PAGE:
Tuesday, February 8, 2011

The Heart asks Pleasure--first

At first look at Emily Dickinson’s, “The Heart asks Pleasure—first—“, the poem is very confusing. However, Dickinson’s careful diction creates a sinfully pleasurable poem. The most obvious theme in the poem is that of pleasure vs pain, especially in love. The beginning of the poem begins by clearly stating that the Heart would like Pleasure. However, as the poem progresses, the desires of the Heart become more and more pressing and serious; from solely asking for Pleasure, to asking “to go to sleep”, then to asking for the “privilege to die”.

Dickinson capitalizes many words throughout the poem: Heart, Pleasure, And, Excuse, Anodynes, Inquisitor. This seems to personify these objects, making them proper nouns. She continues her personification by saying “The Heart asks Pleasure,” almost confirming that Inquisitor is a higher power since the Inquisitor is asked to grant the Heart this Pleasure. The “And’s” in the poem seem to give the poem a quicker pace. They seem to push the progression of the heart through a relationship and the emotions that the heart feels.

Knowing that Dickinson was pious, one may think that the Inquisitor likely refers to God or some other higher power, which would make sense. In many religions, God is the one who can give such a powerful privilege as the one to die. Also, an intentional death is against many religions so one would need permission to die. However, the Inquisitor may be a metaphor for the reader of the poem. The readers are able to easily relate to this love poem because we are inquisitive about love. The “privilege to die” may parallel heartbreak during a relationship. The poem seems to be an extreme yet logical pathway of a relationship—pleasure, pain, coping. The last part of the pathway is something that may be optional—the privilege to die or, in other words, never getting over the heartbreak. However, the last step is only possible if the Inquisitor, or the reader, allows it to happen.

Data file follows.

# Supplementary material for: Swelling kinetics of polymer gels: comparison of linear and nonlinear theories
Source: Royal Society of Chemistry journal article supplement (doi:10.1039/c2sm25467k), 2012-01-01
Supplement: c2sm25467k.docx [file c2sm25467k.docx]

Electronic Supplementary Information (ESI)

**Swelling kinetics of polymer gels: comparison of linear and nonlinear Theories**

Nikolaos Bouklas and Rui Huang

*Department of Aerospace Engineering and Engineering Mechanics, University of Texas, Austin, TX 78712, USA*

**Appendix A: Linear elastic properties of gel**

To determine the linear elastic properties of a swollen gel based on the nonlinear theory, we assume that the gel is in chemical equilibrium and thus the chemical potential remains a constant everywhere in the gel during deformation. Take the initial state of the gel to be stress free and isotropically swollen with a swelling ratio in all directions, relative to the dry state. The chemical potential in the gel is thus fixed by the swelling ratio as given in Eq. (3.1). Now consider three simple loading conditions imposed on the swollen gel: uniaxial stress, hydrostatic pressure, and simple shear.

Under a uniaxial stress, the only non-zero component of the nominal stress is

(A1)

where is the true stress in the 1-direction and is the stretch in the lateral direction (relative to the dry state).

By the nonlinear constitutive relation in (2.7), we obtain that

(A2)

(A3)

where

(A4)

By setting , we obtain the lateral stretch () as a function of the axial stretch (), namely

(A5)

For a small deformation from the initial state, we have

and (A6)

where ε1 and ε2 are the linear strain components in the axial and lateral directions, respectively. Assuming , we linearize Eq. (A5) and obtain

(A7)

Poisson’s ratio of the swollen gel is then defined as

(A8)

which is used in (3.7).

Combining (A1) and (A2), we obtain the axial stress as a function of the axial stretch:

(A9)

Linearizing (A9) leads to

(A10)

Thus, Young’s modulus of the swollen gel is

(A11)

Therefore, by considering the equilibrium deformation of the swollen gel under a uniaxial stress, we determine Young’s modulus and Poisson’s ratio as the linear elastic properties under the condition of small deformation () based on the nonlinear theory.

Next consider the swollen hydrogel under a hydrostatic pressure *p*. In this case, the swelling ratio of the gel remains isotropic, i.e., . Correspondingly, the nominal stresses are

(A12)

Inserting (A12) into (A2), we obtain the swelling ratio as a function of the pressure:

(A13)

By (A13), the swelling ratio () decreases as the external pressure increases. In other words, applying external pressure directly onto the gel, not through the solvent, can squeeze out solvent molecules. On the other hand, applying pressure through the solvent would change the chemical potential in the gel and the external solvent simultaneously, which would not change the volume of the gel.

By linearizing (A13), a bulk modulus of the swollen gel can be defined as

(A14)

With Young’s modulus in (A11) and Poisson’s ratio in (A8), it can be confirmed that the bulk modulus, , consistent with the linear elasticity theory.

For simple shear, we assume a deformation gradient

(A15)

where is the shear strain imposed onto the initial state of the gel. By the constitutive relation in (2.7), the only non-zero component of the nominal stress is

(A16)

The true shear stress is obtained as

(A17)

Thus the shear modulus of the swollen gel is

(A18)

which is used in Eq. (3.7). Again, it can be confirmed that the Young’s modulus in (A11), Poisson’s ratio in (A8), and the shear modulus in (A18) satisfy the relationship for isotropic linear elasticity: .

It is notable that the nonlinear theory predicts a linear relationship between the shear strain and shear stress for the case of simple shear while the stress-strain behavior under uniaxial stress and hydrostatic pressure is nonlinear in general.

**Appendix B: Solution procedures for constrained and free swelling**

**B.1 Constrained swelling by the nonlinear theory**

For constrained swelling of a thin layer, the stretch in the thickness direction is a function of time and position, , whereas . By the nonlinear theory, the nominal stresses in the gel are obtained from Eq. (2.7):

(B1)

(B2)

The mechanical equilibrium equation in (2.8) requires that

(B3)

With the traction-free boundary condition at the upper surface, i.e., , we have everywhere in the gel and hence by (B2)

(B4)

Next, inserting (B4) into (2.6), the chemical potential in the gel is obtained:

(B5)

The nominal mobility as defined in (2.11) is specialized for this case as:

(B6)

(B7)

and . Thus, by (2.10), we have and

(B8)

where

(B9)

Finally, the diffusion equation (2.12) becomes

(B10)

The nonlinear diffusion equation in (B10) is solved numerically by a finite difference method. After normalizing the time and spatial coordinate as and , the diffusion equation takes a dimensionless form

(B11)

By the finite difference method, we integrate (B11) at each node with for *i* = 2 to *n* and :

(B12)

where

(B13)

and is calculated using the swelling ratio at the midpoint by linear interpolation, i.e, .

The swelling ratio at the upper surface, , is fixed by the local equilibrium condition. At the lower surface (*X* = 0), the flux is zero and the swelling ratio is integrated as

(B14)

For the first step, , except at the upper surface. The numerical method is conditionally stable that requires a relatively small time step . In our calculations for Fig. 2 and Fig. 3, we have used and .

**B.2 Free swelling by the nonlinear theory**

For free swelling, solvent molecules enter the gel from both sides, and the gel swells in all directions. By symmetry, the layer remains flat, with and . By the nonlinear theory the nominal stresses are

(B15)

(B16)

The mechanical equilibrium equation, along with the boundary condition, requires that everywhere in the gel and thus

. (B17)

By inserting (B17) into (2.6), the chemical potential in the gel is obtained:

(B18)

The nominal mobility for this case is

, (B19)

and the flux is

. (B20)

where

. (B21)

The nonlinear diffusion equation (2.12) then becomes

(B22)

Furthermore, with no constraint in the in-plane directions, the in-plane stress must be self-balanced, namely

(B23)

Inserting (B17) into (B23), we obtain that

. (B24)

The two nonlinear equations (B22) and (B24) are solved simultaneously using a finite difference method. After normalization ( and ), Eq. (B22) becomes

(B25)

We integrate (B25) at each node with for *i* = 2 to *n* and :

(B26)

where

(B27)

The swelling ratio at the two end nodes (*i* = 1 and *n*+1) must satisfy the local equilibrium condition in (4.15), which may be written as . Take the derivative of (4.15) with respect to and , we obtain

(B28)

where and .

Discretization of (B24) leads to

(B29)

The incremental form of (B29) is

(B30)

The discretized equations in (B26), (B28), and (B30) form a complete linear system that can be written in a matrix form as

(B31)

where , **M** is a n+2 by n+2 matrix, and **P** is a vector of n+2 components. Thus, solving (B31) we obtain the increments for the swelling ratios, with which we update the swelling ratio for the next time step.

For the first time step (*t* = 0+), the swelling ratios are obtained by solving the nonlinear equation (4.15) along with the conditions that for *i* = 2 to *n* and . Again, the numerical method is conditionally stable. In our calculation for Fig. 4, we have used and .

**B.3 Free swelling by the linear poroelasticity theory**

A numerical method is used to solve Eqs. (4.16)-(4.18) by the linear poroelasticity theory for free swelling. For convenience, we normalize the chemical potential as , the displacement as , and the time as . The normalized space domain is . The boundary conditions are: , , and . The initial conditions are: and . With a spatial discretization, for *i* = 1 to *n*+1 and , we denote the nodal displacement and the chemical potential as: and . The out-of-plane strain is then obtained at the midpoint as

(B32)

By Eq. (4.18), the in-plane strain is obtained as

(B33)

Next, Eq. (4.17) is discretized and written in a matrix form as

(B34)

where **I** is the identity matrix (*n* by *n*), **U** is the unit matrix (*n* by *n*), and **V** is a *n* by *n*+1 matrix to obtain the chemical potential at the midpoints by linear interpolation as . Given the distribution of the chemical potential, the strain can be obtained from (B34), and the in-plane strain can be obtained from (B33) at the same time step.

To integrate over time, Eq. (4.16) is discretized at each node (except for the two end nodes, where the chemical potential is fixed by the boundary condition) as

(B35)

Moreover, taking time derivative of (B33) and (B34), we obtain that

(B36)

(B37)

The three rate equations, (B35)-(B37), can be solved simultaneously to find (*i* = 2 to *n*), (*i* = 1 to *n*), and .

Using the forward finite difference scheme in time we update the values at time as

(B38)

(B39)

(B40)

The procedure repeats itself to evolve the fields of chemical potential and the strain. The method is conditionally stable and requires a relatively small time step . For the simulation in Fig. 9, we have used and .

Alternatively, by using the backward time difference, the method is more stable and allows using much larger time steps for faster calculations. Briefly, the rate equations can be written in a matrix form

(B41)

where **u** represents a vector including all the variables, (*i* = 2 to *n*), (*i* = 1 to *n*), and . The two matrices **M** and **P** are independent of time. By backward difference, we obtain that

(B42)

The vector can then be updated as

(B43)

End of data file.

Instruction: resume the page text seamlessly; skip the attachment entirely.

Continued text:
The meter of the poem is also unique. When read aloud, the first stanza sounds slightly like a nursery rhyme. Its meter can almost be described as bouncy. However, the second stanza has a bouncy meter until the last line where the poem, in terms of meter, seems very blunt. This emphasizes the fact that, once the heart goes to sleep and the Inquisitor gives it the privilege to die, it can no longer be hurt.

The image that struck me the most was “those little Anodynes/ That deaden suffering.” While Anodynes do “deaden suffering”, there are so many alternate ways to present that definition. Her use of the word “deaden” clearly shows Dickinson’s morose tone of the poem, which is ironic—the poem begins by discussing pleasure. Also, the word “deaden” foreshadows the literal death that is seen in the last line of the poem. In addition, only one line speaks of pleasure, while the other seven discuss pain. This creates the sense that pain becomes more important, or more evident during a relationship.

Emily Dickinson’s “The Heart asks Pleasure—first—“ is a very short yet poignant poem. It gives the pathway of love seen through Dickinson’s eyes.

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